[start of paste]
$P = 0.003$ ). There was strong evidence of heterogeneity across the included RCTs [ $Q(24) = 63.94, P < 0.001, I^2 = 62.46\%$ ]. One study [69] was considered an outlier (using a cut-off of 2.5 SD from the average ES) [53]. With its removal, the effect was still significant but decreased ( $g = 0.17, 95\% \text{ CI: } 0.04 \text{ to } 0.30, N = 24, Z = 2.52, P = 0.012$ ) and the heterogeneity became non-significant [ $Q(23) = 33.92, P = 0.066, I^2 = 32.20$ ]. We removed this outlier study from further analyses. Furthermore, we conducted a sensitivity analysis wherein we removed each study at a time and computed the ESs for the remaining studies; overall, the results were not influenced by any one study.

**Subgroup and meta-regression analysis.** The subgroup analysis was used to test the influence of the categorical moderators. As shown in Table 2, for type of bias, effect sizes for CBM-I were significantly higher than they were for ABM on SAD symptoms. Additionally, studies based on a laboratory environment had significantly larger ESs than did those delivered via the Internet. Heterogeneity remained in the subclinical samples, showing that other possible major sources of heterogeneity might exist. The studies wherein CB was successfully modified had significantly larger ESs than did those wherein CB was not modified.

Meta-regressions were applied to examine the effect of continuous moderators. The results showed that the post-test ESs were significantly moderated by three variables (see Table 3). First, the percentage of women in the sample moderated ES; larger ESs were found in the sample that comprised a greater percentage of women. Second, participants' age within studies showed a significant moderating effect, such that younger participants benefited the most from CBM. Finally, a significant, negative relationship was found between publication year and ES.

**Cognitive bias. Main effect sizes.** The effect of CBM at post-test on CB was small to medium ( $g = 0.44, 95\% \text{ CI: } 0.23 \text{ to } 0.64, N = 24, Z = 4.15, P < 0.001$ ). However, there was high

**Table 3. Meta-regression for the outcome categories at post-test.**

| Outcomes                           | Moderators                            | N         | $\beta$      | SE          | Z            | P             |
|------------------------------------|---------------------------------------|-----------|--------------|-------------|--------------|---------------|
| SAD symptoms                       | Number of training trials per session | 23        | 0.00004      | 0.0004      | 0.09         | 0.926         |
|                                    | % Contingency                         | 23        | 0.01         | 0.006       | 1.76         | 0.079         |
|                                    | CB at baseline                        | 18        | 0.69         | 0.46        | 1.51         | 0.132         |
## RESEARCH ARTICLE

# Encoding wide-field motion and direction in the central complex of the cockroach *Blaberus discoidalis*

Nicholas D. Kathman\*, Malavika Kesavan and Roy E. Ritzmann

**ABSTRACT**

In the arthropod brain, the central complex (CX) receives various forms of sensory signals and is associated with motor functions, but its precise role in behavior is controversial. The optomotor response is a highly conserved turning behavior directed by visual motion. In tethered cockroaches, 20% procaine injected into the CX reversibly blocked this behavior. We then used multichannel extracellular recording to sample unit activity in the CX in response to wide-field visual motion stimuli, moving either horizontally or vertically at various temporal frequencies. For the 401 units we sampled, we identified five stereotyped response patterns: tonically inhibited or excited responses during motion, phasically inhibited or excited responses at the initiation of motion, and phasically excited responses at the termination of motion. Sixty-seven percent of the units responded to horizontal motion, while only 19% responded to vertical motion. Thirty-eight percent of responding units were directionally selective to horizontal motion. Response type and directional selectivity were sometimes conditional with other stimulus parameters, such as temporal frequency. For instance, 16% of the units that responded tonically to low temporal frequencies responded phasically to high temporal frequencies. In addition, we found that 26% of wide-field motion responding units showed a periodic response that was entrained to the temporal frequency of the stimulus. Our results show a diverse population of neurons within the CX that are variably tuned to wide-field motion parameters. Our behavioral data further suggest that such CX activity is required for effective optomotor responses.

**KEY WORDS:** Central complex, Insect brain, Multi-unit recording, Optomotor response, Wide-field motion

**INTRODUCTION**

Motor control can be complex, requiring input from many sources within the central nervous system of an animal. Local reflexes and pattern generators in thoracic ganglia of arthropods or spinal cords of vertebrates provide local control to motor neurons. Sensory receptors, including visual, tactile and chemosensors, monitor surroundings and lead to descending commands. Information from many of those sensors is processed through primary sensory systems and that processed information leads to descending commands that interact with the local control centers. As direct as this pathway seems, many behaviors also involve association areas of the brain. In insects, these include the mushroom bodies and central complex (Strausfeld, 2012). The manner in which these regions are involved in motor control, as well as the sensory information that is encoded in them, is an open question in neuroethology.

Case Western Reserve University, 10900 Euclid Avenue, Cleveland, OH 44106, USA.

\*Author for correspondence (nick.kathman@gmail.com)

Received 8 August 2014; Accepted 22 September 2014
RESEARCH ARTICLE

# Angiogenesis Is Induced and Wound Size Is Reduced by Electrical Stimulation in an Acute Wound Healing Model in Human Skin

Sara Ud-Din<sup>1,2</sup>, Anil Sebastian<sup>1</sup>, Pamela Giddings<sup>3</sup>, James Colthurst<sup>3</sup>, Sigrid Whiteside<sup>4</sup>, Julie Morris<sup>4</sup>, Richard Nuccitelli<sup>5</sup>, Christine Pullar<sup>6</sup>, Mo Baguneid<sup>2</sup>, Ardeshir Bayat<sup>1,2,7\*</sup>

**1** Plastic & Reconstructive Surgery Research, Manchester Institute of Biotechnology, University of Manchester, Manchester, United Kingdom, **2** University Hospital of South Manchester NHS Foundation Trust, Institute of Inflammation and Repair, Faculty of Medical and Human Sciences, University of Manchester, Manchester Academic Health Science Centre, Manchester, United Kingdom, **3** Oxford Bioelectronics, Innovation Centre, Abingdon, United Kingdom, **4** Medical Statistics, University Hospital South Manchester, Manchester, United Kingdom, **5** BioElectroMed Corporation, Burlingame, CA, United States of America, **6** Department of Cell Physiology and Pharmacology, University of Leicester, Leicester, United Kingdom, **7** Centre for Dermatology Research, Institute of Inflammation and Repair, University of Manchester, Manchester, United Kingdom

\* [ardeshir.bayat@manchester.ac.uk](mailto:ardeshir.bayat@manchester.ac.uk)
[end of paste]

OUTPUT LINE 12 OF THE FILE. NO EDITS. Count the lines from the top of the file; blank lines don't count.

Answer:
# Encoding wide-field motion and direction in the central complex of the cockroach *Blaberus discoidalis*